YOUNG: Well, Ma lives in South Carolina, and we’re in California, but I wouldn’t call that being orphaned.
PLAYBOY: If your parents had lived, would your life have gone in a different direction?
YOUNG: What, you mean like dressing up like a bat and fighting crime?
PLAYBOY: Would you have been an actor?
YOUNG: Or an endorser.
PLAYBOY: There was a moment during the production of Mad Men when you looked at yourself in the mirror of your dressing room, dressed in Don Draper’s suit, and realized that the character looked a lot like your dad. What were the similarities?
YOUNG: Well, my dad smoked and drank, so there’s that.
PLAYBOY: Do you still use your dad as inspiration for Don Draper?
YOUNG: Everyone’s father inspires them. I’m sure his father inspired him.
PLAYBOY: Did you ever ask him about it?
YOUNG: No, I’m not sure I cared enough about it to process it.
PLAYBOY: Or the emotional maturity, probably.
YOUNG: Well, you don’t have to be a dick.
PLAYBOY: If you had a chance to have a conversation with your father or your mother today, what would you ask them?
YOUNG: As a dad myself now, I’d sure like to know how my dad worked ten hour days and still made us think he was around. He went on field trips, coached soccer and basketball teams. Thinking back, I always thought he was there. But there’s no way; he worked like a dog. I’d want to know the trick to that.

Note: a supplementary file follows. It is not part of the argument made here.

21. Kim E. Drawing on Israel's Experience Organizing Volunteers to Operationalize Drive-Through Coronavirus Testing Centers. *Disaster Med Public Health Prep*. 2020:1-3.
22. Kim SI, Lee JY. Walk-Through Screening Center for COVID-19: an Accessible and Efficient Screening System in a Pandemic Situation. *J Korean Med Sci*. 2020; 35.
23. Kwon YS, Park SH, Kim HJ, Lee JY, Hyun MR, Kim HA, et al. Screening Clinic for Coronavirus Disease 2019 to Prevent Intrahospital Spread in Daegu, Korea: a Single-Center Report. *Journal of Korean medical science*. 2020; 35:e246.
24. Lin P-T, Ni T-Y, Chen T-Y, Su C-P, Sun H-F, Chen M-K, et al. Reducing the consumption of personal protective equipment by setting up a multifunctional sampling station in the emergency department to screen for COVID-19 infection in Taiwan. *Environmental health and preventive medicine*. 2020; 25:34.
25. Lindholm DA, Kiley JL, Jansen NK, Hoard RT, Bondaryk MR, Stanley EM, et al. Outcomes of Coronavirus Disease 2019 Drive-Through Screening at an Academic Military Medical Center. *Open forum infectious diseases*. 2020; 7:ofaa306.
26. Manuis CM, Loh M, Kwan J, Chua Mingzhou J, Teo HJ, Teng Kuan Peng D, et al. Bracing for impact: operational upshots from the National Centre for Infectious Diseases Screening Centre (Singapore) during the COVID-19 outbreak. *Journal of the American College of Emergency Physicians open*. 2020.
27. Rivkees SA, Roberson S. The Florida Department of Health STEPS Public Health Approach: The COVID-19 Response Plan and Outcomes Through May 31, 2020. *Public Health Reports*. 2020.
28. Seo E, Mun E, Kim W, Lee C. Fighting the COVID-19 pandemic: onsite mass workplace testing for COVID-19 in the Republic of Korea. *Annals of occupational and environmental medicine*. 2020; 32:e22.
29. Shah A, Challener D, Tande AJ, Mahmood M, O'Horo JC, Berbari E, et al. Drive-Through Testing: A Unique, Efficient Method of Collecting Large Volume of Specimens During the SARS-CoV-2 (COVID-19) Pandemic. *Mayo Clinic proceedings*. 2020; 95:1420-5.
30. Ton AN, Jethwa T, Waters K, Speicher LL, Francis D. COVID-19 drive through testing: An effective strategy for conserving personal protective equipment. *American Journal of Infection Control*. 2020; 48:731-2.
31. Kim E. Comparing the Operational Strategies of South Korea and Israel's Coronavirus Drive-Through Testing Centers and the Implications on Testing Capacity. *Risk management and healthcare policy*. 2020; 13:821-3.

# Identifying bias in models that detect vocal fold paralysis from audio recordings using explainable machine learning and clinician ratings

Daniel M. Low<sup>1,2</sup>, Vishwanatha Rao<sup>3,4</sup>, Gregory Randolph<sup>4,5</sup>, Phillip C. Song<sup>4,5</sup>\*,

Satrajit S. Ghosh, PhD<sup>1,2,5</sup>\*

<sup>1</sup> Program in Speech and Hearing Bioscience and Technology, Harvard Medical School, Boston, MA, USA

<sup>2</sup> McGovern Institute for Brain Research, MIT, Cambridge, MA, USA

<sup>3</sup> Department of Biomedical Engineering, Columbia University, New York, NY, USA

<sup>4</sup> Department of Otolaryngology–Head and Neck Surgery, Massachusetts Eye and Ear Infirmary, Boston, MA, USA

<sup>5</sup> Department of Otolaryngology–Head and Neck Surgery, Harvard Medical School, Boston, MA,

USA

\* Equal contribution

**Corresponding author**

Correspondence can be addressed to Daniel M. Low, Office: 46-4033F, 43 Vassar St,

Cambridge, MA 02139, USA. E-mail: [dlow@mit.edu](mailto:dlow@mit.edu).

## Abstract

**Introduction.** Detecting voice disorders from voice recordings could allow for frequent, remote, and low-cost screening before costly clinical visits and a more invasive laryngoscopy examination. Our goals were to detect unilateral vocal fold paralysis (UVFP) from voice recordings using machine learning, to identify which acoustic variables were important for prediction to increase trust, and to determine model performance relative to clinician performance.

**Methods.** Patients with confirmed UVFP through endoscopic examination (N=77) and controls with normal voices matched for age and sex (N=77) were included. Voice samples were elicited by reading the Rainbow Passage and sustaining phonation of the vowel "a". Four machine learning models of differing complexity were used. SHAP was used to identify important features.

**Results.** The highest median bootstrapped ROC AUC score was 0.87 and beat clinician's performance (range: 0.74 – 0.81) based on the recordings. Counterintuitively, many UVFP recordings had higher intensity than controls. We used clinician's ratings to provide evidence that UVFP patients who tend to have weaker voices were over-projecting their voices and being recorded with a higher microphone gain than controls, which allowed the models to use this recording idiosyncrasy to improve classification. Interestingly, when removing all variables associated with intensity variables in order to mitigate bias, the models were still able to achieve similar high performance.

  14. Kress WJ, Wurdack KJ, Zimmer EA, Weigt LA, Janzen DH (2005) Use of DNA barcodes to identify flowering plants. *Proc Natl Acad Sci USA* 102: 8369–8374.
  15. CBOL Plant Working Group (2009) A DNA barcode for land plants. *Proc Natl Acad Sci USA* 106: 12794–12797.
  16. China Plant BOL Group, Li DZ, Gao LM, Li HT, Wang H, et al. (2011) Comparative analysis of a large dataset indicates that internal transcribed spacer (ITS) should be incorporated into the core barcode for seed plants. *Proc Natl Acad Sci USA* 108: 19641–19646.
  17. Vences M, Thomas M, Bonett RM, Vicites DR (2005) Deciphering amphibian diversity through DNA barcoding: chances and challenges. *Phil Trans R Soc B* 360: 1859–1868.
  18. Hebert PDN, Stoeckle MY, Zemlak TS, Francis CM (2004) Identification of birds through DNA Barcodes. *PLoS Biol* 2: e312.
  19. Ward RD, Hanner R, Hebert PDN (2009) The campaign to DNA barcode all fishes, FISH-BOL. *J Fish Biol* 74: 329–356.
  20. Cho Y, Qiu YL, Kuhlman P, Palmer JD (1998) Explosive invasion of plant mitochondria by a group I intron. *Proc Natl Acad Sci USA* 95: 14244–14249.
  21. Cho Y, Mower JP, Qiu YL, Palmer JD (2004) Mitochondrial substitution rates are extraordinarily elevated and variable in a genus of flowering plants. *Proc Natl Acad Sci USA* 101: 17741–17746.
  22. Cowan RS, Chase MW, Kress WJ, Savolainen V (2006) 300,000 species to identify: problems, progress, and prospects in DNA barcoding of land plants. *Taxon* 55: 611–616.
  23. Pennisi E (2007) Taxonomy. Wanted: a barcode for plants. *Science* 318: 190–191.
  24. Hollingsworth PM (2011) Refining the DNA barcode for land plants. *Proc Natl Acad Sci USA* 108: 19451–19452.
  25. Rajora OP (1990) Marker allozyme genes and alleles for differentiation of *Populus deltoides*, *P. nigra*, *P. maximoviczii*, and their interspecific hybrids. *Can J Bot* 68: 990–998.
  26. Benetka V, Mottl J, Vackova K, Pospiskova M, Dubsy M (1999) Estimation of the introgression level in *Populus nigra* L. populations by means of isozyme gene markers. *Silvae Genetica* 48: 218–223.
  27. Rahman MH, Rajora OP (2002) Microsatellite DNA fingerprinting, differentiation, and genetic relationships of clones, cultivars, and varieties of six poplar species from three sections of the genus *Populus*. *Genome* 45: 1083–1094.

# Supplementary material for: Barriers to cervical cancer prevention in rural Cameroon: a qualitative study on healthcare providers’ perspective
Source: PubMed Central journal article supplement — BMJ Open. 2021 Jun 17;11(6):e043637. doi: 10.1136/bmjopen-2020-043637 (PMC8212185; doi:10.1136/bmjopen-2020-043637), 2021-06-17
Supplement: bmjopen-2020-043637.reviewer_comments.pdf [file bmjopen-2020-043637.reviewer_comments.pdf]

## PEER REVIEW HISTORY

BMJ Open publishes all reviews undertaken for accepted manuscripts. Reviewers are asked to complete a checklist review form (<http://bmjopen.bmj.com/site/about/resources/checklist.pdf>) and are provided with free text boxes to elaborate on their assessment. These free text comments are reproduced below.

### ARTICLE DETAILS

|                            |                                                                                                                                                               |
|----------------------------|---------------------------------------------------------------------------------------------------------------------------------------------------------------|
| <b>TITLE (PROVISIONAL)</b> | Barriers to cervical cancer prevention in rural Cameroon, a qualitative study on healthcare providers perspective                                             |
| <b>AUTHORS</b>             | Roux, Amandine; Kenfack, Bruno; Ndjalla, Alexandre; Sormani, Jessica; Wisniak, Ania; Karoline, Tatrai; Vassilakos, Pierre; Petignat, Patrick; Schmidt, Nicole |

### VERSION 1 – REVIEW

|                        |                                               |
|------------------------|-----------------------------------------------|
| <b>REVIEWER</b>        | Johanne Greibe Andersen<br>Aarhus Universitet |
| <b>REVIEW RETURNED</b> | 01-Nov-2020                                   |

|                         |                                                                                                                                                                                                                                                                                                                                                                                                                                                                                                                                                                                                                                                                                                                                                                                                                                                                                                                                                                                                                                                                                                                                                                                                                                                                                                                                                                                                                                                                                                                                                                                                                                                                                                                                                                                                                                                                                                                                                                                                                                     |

PLAYBOY: If it had been an option, could you see yourself being the fourth generation in your family’s business?
YOUNG: I sort of am. All the hustle of the last three generations culminate in advertising and marketing and storytelling and all.
PLAYBOY: But you sell yourself in auditions, right?
YOUNG: Every minute of every day is an audition for somebody for something.
PLAYBOY: Didn’t you audition six times for Mad Men?
YOUNG: No, like I said, I just got around to watching it. Come to find out my old college roommate really liked it, though.
PLAYBOY: Why didn’t he tell you?
YOUNG: Aw, he’s got a couple kids. We talk about dad stuff, now.
PLAYBOY: You’ve said you were at the bottom of their list of actors. How did you know?
YOUNG: Well, I’m not a professional actor and I’m a little camera-shy. I imagine I’m on the bottom of everyone’s list of actors.
PLAYBOY: How did you find out you had the job?
YOUNG: I popped open an Anchor Steam in the living room and announced to Mimi: “Now, we are publishers.”
PLAYBOY: Did you think all the attention was for you?